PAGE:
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Lethbridge Herald Newspaper Archives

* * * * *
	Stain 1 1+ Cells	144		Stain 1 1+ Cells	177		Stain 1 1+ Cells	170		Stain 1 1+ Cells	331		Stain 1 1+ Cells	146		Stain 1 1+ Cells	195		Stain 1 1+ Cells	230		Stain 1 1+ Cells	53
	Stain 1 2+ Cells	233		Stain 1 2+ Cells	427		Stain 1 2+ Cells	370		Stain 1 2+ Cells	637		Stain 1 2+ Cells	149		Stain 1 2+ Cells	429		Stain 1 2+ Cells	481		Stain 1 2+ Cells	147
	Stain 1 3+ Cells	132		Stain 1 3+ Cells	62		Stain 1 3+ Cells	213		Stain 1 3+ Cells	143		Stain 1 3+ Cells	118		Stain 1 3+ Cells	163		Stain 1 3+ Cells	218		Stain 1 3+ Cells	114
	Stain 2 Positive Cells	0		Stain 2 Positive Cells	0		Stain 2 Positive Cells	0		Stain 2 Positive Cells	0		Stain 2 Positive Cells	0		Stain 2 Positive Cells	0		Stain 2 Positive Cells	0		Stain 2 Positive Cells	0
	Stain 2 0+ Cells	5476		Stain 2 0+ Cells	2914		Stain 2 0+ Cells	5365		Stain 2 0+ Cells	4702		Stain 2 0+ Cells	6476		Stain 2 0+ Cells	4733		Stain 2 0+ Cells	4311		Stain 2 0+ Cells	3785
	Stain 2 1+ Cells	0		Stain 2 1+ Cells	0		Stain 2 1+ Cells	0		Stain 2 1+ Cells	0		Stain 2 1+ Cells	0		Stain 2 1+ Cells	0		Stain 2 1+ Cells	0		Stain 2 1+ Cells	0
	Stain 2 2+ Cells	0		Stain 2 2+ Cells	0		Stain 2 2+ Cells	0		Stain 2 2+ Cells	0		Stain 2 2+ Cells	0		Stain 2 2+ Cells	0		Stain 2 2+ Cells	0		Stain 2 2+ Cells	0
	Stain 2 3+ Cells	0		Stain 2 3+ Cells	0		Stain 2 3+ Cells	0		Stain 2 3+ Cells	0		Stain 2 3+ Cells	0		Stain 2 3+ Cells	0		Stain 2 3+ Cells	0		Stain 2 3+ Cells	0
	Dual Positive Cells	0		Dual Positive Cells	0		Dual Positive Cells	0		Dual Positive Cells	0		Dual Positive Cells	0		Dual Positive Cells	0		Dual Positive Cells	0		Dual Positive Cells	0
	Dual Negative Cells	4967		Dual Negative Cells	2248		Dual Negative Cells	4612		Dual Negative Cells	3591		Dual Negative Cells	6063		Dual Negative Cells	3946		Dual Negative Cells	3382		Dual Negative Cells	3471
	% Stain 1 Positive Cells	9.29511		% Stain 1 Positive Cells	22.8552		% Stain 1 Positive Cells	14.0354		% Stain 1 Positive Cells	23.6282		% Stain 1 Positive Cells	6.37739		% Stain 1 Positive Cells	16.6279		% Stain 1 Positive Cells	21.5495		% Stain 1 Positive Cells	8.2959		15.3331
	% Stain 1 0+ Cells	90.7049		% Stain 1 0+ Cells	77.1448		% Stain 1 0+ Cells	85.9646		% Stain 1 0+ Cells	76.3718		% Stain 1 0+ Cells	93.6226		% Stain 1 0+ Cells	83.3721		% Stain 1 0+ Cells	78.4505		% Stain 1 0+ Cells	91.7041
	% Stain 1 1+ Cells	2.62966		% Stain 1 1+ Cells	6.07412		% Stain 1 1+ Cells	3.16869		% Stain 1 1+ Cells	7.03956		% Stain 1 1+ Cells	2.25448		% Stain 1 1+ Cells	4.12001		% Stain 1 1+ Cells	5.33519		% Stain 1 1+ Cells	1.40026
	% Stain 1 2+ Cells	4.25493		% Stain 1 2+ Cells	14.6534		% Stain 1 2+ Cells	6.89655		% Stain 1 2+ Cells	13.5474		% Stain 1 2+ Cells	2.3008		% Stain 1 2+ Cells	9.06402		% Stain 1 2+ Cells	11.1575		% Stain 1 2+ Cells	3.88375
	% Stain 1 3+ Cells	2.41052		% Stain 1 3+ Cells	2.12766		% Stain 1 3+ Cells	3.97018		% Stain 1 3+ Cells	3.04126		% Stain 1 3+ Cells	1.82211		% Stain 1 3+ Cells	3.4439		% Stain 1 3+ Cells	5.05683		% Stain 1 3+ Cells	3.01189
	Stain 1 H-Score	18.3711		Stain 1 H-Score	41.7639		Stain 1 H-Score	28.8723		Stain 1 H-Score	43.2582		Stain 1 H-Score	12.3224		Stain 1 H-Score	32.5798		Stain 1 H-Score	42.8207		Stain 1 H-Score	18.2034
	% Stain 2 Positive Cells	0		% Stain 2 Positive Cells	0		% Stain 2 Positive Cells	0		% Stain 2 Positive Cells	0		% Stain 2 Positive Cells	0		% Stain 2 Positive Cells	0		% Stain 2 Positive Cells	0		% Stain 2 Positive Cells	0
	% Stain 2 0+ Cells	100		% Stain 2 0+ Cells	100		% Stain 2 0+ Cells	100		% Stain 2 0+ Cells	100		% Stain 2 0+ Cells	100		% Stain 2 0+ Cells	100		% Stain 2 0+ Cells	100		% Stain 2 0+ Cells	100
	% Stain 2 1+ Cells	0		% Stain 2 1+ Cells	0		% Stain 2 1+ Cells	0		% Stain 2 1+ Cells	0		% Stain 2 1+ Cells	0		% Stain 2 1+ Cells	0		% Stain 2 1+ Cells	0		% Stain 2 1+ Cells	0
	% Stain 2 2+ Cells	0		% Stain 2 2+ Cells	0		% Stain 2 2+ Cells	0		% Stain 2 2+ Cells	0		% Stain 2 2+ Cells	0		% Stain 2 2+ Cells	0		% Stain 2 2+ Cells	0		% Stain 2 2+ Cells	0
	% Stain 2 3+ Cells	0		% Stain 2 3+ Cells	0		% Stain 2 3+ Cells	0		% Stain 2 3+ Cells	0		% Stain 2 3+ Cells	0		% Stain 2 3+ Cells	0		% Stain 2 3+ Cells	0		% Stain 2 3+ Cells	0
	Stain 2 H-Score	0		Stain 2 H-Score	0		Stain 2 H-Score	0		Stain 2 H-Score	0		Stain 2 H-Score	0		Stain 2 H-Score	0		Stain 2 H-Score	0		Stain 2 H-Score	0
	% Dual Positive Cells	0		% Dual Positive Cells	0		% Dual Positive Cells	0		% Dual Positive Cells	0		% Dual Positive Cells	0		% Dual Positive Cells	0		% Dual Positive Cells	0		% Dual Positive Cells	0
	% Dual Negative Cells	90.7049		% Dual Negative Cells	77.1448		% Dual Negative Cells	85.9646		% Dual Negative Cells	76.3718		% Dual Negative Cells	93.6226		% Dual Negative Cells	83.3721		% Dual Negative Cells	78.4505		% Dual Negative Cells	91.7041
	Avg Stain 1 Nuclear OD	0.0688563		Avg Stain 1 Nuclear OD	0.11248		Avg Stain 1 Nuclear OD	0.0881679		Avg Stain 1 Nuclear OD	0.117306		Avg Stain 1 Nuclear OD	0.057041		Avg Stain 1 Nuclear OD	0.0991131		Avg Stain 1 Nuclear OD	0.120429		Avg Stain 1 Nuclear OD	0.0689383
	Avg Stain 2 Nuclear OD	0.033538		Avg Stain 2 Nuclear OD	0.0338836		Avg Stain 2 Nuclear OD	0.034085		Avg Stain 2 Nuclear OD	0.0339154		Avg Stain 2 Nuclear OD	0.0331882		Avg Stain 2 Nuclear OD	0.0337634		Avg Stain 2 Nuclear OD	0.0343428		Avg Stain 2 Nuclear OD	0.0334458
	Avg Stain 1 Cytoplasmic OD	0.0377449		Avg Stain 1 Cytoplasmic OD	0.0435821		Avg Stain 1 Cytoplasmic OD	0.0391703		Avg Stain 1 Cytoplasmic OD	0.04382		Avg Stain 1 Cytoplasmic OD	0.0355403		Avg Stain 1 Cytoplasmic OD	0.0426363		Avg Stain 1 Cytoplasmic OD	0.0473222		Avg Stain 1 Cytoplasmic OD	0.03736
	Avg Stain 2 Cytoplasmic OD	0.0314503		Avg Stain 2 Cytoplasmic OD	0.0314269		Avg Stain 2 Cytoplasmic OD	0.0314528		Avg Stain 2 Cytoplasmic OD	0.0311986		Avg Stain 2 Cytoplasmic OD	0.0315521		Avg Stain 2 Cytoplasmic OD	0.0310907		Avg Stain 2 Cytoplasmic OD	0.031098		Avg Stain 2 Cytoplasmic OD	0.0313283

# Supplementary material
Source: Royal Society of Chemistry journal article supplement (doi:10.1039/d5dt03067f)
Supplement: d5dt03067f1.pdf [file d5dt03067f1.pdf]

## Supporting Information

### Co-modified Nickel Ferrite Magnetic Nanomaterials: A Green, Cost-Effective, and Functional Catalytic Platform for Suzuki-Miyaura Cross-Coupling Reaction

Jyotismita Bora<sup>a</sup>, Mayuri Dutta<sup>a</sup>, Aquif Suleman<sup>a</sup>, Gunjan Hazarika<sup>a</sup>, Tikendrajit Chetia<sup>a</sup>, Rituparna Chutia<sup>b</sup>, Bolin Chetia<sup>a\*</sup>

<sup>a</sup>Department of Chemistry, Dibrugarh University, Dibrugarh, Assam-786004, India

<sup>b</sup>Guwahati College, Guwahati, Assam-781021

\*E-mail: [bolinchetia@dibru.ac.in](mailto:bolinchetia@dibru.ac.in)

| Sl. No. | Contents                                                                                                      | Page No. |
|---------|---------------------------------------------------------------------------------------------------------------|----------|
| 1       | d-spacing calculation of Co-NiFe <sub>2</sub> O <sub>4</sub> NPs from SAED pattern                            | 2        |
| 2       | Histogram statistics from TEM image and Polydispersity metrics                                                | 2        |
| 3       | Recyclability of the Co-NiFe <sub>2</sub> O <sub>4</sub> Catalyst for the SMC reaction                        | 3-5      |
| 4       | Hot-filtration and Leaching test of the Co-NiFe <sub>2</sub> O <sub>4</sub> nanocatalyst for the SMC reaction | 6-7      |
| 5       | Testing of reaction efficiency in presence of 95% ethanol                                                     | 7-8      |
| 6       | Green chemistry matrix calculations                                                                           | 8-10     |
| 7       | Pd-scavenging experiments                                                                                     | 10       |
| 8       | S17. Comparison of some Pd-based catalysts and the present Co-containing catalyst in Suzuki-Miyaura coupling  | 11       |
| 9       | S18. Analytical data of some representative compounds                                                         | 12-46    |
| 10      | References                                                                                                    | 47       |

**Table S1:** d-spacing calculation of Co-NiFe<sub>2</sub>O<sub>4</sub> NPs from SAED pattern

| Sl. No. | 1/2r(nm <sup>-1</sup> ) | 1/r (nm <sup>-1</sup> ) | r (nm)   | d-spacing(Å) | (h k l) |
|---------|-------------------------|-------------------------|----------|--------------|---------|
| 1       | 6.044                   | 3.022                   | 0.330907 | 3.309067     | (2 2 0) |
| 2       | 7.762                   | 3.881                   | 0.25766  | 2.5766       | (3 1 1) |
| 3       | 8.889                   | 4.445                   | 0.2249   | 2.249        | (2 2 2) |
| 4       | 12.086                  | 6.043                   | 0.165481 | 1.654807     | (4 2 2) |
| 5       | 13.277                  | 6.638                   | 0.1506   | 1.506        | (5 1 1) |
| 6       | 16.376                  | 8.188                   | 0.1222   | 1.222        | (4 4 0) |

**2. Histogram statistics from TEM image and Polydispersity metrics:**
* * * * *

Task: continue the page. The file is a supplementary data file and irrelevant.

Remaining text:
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Lethbridge Herald, The (Newspaper) - May 29, 1970, Lethbridge, Alberta 12 THE IFfHBRIDGE HERALD Friday, May 29, 1970 By JOAN BOWMAN Herald Staff Writer Rev. Ron Johnstone, minis- ter of Coaldalc United Church, is to present a study on the southern Alberta beet labor situation at the annual meet- ing this week in Calgary of the Alberta United Church Coher- ence. Mr. Johnstone, mayor of Coal- dale, drove 250 miles last week compiling five hours of taped interviews with beet farmers and workers, imc! amassing a layout of 40 photographs. The photographs, taken in the Coaldale and Iron Springs areas, show the interiors and ALL SYSTEMS 'GO' FOR SUMMER-Program registra- tion began Thursday for the Community Summer Program, sponsored by the city's parks and recreation department, Ihe YMCA, YWCA and the lethbridge Community Col- lege. The program is geared for adults and children, and feature day camps and instructional swim classes throughout the summer months, with accommodation for about persons. Registration continues Saturday, Monday and Tuesday, at the Votes Memorial Centre. Pleasing Concert By Youth Symphony By HENRY WAACK The Lethbridge Symphony Youth Orchestra conducted by Malcolm MacDonald gave a very satisfying and pleasing performance at the Yates Cen- tre Thursday evening. One does not look for a b s o 1 u t ely polished playing from a student orchestra, but rather for musical promise. This ingredient was there in abundance, and many of the young players are already on tfaeir way io becoming fine mu- sicians. There was great variety in the program, which featured four soloists, a brass ensemble, a clarinet quintet, plus many selections by the orchestra. The concert did become rather Mr. MacDonald was able to maintain good rhythmic unity within the orchestra. Most of the sectional playing is well- tuned, but the full orchestra must keep striving for a better blend. Intonation was variable. It held up well in the first half, bat near the end some of the young players obviously tired and intonation suffered. The orchestra showed to its The LARGEST ASSORTMENT of imported styles in LETHBRIDGE! best advantage in the opening works by Mendelssohn, Haydn and Bach, though the Bach In- vention something when transcribed for orchestra. Orchestra member Dean Ta- kahashi conducted one number in the iast hall' in creditable fashion. Two clever popular arrangements were also play- ed with gusto. However, a maudlin arrange- ment of an endless medley of popular tunes could easily have been omitted. The brass ensemble conduct- ed by Robert Hall produced some fine sound, especially in the Furcsll Voluntary. The clarinet ensemble play- EDC Seminar Is Planned The Economic Development Commission in Lethbridge will sponsor a seminar on govern- ment aid anrl incentives to de- velopers, near the end of Sep- tember. The proposal for thte seminar was presented Thursday to Dennis: O'Connell, director of the EDC, by Al Stubbs, region- al incentives officer for West- era Canada with the depart- ment of regional economic ex- pansion. Mr. Stubbs, former manager of the local office of the Canada Manpower Centre, was in the city to meet with me EDC and with local developers. UNIVERSITY OF LETHBRIDGE 1970 SUMMER SESSION THE UNIVERSITY OF IETHBRIDGE IS CURRENTLY ACCEPTING REGISTRATIONS FOR SUMMER SESSION COURSES. THE DEADLINE ?OR ACCEPTING SUMMER SESSION REGISTRATIONS IS JUNE 12. Several courses are filled to capacity, the en- rolment limits in others will soon be reached. Stu- dents are advised to send in their application and registration form as soon as possible. Alternate course choices could also be listed separately. THE REGISTRAR'S OFFICE Will BE OPEN FROM to p.m. (NOON HOUR INCLUSIVE) CLOSED COURSES NAME AND NUMBER Art 2500 Art 2600 Art 3600 English 2750 Lecture English Sociology 2030 Sociology 2040 Sociology 3100 Anthropology 2010 English 2750 1970 Summer Closed Courses English 3100 in Semester A SUMMER SESSION SECTION A A B ed a Mozart work requiring long sustained noies. It was well played with a fine bal- ance between parts. Violin soloist Valerie Hor- vath had a sweet tone and a promising .technique. She gave a musical performance, de- spite an over-use of a sliding technique to get from note to note. She was ably accom- panied by Edward Gnandt. Clarinet soloist Peggy Foster played in ter usual fluid and controlled manner. If she con- tinues to work she has every chance of becoming a truly fine artist. Beatrice Foster pro- vided a sensitive accompani- ment. Kerry MacDonald, cello solo- ist, Is also well on the way. He has a singing tone, good phras- ing and is careful with dynam- ics. Guest artist, soprano Donna MacDonald, sang a Mozart aria and I Feel Pretty from West Side Story. Mrs. MacDonald has a clear soprano voice and captured the essence of both songs, tough the Mozart was done with a little more finesse and artistry. Henry Waack ac- companied both Donna and Kerry MacDonald. I commend Malcolm Mac- Donald and the Youth Orches- tra for a very solid1 effort. Young players must be contin- ually developed1 if a senior symphony is to survive. Survey On Beet Labor Situation To Be Reported At Church Meeting Liquor Store Construction Under Way Construction started this week on the Alberta government's new self-service liquor store on 8th St. S. between 4th and 5th Ave. The contract fpr construction was awarded to Henry Hardy Construction Ltd. of Lethbridge, general contractors, who sub- mitted t h e lowest bid of 000. Ten contractors submitted bids varying from to The 125 foot by 150 foot pre- cast concrete liquor store is ex- pected to take nine months to complete. The present liquor store on 7th St. S. will be torn down and the lot will be used for park- ing. Honorary Degree A native of Medicine Hat, Dr. Neil Campbell, .will be among seven persons receiving honorary degrees during the four-day convocation at the University of Alberta in Ed- monton. Dr. Campbell is a geologist and row lives in Spo- kane, Washington. United Church Anniversary First United Church at 502 13th St. N. will celebrate its 53rd anniversary Sunday with a special 11 a.m. worship service. Honored at the service will be three of the church's candi- dates for the ministry: Lowell Hubbard, who will be guest preacher prior to his ordina- tion June 2 by the Saskatch- ewan UC conference; Hugh Peck, currently serving the Sexsmith charge near Grande Prairie; and Peter Walker, cur- rently at Jarvie, northwest of Edmonton. Saturday evening the church congregation will hold a sup- per, followed by a program of music. Celebrations will continue Sunday evening with a fellow- ship service and sing-along. First United Church in 1917 was known as the North Leth- bridge United Church following the union of congregations FUR COAT STORAGE TIME THE LETHBRIDGE FURRIERS PHONE 327-2209 from Westminster Methodist Church, which had been de- stroyed by fire, and the north- side St. Andrew's Presbyterian Church. Following national union in 1925, the church took its pres- ent name. A new Christian education centre was dedicated in 1951 and a new sanctuary, in 1961. Present minister is Rev. Ted Eskdale who came to Leth- bridge in 1957 from Dawson Creek, B.C. SAVE TO 60% ON MUFFLER REPLACEMENTS WE HAVE: A MUFFLER FOR MOST CARS FREE INSTALLATION 10 MINUTE INSTALLATION LIFETIME GUARANTEED MUFFLERS FREE INSPECTION AND ESTIMATES All AT INCITE UFFUEH Phone 328-1134 509 6th Avenue South Make Your Appointment Now For RED CROSS BLOOD DONORS CLINIC LOCATED IN SOUTHMINSTER CHURCH HALL 4th Ave. and 11th St. S. JUNE 2, 3, 4 Wciinetdgy-1-3 and p.m. a.m., p.m. Tolc. Tint Out From Your Buiy GIFT of LIFE. exteriors of some poorly and well-equipped homes provided by farmers for workers and the damage caused by some ten- ants. The study was compiled in REV. RON JOHNSTONS answer to queries from north- ern Alberta ministers who "won- dered what was happening down here and what the church was doing about Mr. Johnstone said. The tapes include interviews with about 15 non-naitives, in- cluding the Coaldale chief of police, a Coaldale physician and farming families. Also in- cluded, are interviews with one individual Sect worker and most of the members of a fam- ily of 13. All the workers were Saskatchewan drees. The main conclusion from the study is that southern Al- berta beet workers are given good housing, regular wages and no child labor is employed. The study is strongly criti- cal of a CBC-TV show last tall. Bernard Nieboei1 of Iron Springs who was quoted on the show called the program and perverse." The production 'distorted suggested child labor was used, wages were below the minimum wage level and facilities were In poor condition. The layout shows a house. which was included in the CBC coverage as an example of poor facilities and which, according to Mr. Johnstone, "hasn't been used in years." Meanwhile a federal-provin- cial agricultural manpower com- milec is to ccnduct a tour June 10 of beet-working operations in the Picture Butte and Taber areas, plus the worker receiv- ing centre at the Lethbridga Exhibition Pavilion, It is understood the Alberta New Democratic Party is to hold an cpen meeting in Leth- bridge on the same subject on the evening of June 10. Panellists will be NDP lead- er Grant Nctley, Henry Toma- schuk, representative of the Can- adian Labor Congress, and John Ferguson of the Univer- sity of Saskatchewan who last year, wrote a conlrover s i a 1 slory attacking the treatment of beet workers. Indian Association Meets June 16-18 The annual meeting of the In- dian Association of Alberta is scheduled for the Kainai Sports Centre in Standoff June 16-18. The three day meeting will feature government, labor and education speakers, with discus- sion 'on the government reaction to the Indian counter propo- sal to the White Paper on In- dians which will be presented to the government June 4. Frances Weaselfat, co or- dinator of the meeting, said the organizers expect about 800 del- egates from reserves in Alber- ta representing about- treaty Indians. She said committees have been set up to handle the press, catering, accommodation, pub- licity, facilities, transportation, Horse Show Saturday The 3rd annual Chinook Ara- bian Horse Show will be held Saturday and Sunday at the Lethbridge and District Exhibi- tion grounds. About 135 horses from Al- berta, Saskatchewan and Mon- tana are registered for the show, which will feature per- formaace and obedience classes. Wilderness Meeting Set The Alberta Wilderness As- sociation will hold its annual general meeting Monday at 8 p.m. in the Kate Andrews Building lecture theatre at the University of Lethbridge. Officers for the association's 1970 1971 executive will be elected at the meeting, and BUI 106, which concerns Alberta wilderness and wildlife, will be discussed. Members and non members are welcome. entertainment, finances and rec- reation for the event. Officials are trying, she said, to set up an Indian village near the sports centre to accommo- date the visiting dignitaries. "Concessions will be provided at the village site and in the centre." A tentative agenda has two banquets scheduled, with Buffy St. Marie and John Yesno pro- Conciliation Continues Conciliation talks continued today between the city and the International Union of Oper- ating Engineers, Local 855. The local represents 27 work- ers, employed at the city power- house. Conciliator in the dispute is H. N. Graham of Calgary. Meanwhile no date has been anncuneed by J. R. Hutton, provindally appointed concilia- tor, for talks between the city and the Amalgamated Transit Union, Local 987. The union represents 28 tran- sit workers. entertainment for the del- Wives and families of the vis- iting dignitaries will be taken on tours, parties and shown films. Election of the executive of- ficers of the association, includ- ing president, three vice pres- idents, and a secretary treas- urer will highlight the meeting. New for this type of meeting will be translating machines and video tape equipment. Mrs. Weaselfat said most o) the meeting will be conducted in English, but the translating machines will be used for speak- ers using Cree or Blackfeet. ASPHALT PAVING TOLLESTRUP SAND and GRAVEl Construction Co. ltd. PHONE '328-2702 327-3610' REDUCED FROM ORIGINAL ASKING PRICE FOOT STARCRAFT CABIN CRUISER An family boat, amplMt wild 110 h.p. Mtriury motor with 55 houri, end trailer. All likt now condition. Phono 327-1172 JUMBO SIZE GERANIUMS EXTRA-SPECIAL, EACH..... 75 GOOD SUPPIY OF and PLANTS FRAME'S GARDENTERIA CORNER OF 7lh AVINUI and 20th STREET NORTH JUST ONE MILE NOHTH OF THE WATER TO WEI 327-2768 ;